Jennifer Farwell shares her reasons for writing a story about young love for teens.

Long before the character profiles are finished, an author has something important to decide about their book that will influence characters, setting, voice, and a lot about the plot. That big decision is genre.


I’ll be honest: genre was something I went back and forth on after the idea for Seven Weeks to Forever came to me. I had ideas for some of the characters and the plot at a very high level, but before I got down to details, I had to know what I really wanted to do with this story. What was the best way to tell it? When I envisioned Cassidy (the main character), was she a teenager or an adult? What shaped her into who she was at the start of the book and influenced her responses to the situation she was in? Would it be better to write her as an adult in the adult world, or was there something about this story that would make it more compelling when told through the eyes, voice, and actions of a teenager?

Before I could really begin writing a draft, I had to know. As I wrote out notes and compared teenage Cassidy’s story to adult Cassidy’s story, the decision became clear: Seven Weeks to Forever was a young adult (YA) romance. Could this book have been written as adult contemporary fiction with characters in their 30s? Probably. But the characters, the theme of love versus fear, and the main idea of why Cassidy crosses paths with Riley (her love interest in the book) are about all that would have been similar. Okay, and possibly a scene at the beach, but that’s all I’ll say on that since I don’t want to give the story away! The subplot would have been entirely different, and it’s a safe bet that Riley’s mom wouldn’t have made an appearance in the context she did.

What made YA the best choice for telling Cassidy and Riley’s story? It wasn’t that the subplot involving Cassidy’s aunt and uncle was convenient, and it wasn’t that I needed Riley’s mom to unknowingly clue Cassidy in on something big. It was that YA is about “firsts” and raw feeling that isn’t yet filtered through the experience of adulthood. It was remembering how possible it is to go from feeling like something is the absolute end of the world to then being on top of the world, sometimes in the same day. It was knowing how deeply experiences during that time of life can scar someone, and also how high a heart can soar. It was about that feeling of young love.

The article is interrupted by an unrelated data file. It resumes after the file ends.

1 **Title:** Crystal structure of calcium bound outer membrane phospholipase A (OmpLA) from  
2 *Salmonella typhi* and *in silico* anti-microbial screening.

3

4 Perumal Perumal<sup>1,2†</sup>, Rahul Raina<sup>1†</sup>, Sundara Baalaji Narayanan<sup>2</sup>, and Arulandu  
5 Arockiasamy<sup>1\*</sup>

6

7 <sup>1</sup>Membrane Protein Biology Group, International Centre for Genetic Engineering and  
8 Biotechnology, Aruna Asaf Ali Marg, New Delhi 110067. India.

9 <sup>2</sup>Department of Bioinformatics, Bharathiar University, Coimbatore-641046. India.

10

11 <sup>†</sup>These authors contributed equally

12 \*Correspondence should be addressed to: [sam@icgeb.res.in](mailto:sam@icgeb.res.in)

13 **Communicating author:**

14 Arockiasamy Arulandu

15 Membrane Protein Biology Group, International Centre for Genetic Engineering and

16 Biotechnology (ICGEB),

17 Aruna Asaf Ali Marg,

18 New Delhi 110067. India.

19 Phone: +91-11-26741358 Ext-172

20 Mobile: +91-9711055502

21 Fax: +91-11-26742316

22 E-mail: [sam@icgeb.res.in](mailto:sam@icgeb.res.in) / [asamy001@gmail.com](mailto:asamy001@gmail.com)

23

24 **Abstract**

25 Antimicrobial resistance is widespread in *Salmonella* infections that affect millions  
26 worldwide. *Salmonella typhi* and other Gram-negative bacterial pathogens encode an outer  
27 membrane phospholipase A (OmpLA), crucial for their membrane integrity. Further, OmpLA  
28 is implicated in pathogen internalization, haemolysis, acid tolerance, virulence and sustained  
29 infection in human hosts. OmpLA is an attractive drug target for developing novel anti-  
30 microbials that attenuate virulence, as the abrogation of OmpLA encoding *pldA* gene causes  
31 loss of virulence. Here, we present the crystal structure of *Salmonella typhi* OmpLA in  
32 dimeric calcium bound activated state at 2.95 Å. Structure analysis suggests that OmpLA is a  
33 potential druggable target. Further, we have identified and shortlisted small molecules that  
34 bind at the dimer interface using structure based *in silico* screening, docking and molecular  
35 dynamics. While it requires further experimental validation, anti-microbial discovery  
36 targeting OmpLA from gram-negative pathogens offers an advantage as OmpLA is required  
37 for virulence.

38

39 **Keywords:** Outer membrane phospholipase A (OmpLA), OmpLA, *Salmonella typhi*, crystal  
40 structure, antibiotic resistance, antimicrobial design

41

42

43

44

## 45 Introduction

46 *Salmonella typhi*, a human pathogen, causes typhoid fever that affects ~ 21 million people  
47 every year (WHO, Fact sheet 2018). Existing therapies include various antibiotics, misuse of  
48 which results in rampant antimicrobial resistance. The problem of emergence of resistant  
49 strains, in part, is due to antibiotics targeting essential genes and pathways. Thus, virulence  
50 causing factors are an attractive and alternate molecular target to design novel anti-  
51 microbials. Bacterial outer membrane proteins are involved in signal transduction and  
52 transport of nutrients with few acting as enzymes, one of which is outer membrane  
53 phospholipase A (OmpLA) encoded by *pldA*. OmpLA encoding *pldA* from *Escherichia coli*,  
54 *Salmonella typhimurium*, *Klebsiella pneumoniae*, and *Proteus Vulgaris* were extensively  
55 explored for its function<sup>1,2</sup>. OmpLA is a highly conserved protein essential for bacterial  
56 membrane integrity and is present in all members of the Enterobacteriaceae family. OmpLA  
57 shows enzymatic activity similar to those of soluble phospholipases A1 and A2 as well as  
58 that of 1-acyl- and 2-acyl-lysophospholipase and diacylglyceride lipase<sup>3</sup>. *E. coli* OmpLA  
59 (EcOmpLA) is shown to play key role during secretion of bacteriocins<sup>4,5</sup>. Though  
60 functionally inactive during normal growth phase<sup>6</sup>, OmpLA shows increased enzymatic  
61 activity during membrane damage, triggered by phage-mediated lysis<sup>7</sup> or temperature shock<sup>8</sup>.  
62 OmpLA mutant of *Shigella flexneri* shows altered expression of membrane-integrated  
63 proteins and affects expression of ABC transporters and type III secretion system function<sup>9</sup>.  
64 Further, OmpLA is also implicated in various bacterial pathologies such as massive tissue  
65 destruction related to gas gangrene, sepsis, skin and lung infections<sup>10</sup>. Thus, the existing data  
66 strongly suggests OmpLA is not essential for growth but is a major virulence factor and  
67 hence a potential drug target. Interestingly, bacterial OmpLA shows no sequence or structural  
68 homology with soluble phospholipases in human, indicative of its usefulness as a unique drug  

Even though I debated about genre at the start, I now couldn’t see Cassidy and Riley’s story any other way. Maybe it’s because I’m a romantic at heart, but I found while writing Seven Weeks to Forever that I truly love writing characters who are experiencing young love and all the raw feelings, extreme highs, extreme lows, and romantic tension that comes with it.

Screen Shot 2014-07-14 at 1.05.09 PMCassidy Jordan knows she’ll die a few weeks after her eighteenth birthday, and she can’t wait. This is her second time here, and she knows what’s waiting for her in The Life-After — the place most mistakenly call “the afterlife.” Getting back there is supposed to be easy: she just has to find nineteen-year-old Riley Davis and help him get his life on track. But doing that isn’t easy at all.

By the time Cassidy finds Riley, she has only seven weeks to help him before her time is up. Riley will die too young if she fails, and she’ll never see The Life-After or have another chance at life again. But no one told her helping Riley would mean dating him; she hasn’t dated anyone since the love of her first life caused her death the last time she turned eighteen. And no one warned her she’d cross paths with Selena Jensen, her ex-best-friend who hasn’t forgotten why their friendship ended and is protective of Riley. Then there’s Cassidy’s family, who thinks she’s a normal girl headed to Harvard in the fall. When her aunt discovers that’s not the plan, she shows up to try and drag Cassidy from L.A. to Boston.

Helping Riley is already hard with her aunt and Selena in the way. It’s almost impossible when Cassidy realizes she’s falling for him and is faced with a choice: give Riley the life he’s meant for and leave when it’s time, or give up eternity for the true love she’s never had, knowing Riley will die the same way she did in her first life and that her entire existence could end at any time.

Jennifer Farwell has been writing since the day she picked up a navy blue Crayola as a toddler and began scribbling on her parents’ freshly painted white walls. She’s the author of Seven Weeks to Forever and Rock Star’s Girl. When not writing novels, she writes weekly horoscopes for her astrology site, Starry Kind of Girl, and previously spent a number of years as a freelance promotional writer and web designer for musicians. She lives in Los Angeles with her dog, Pico, and has a Bachelor of Journalism degree and a Master of Arts degree in English, both from Carleton University in Ottawa, Canada.

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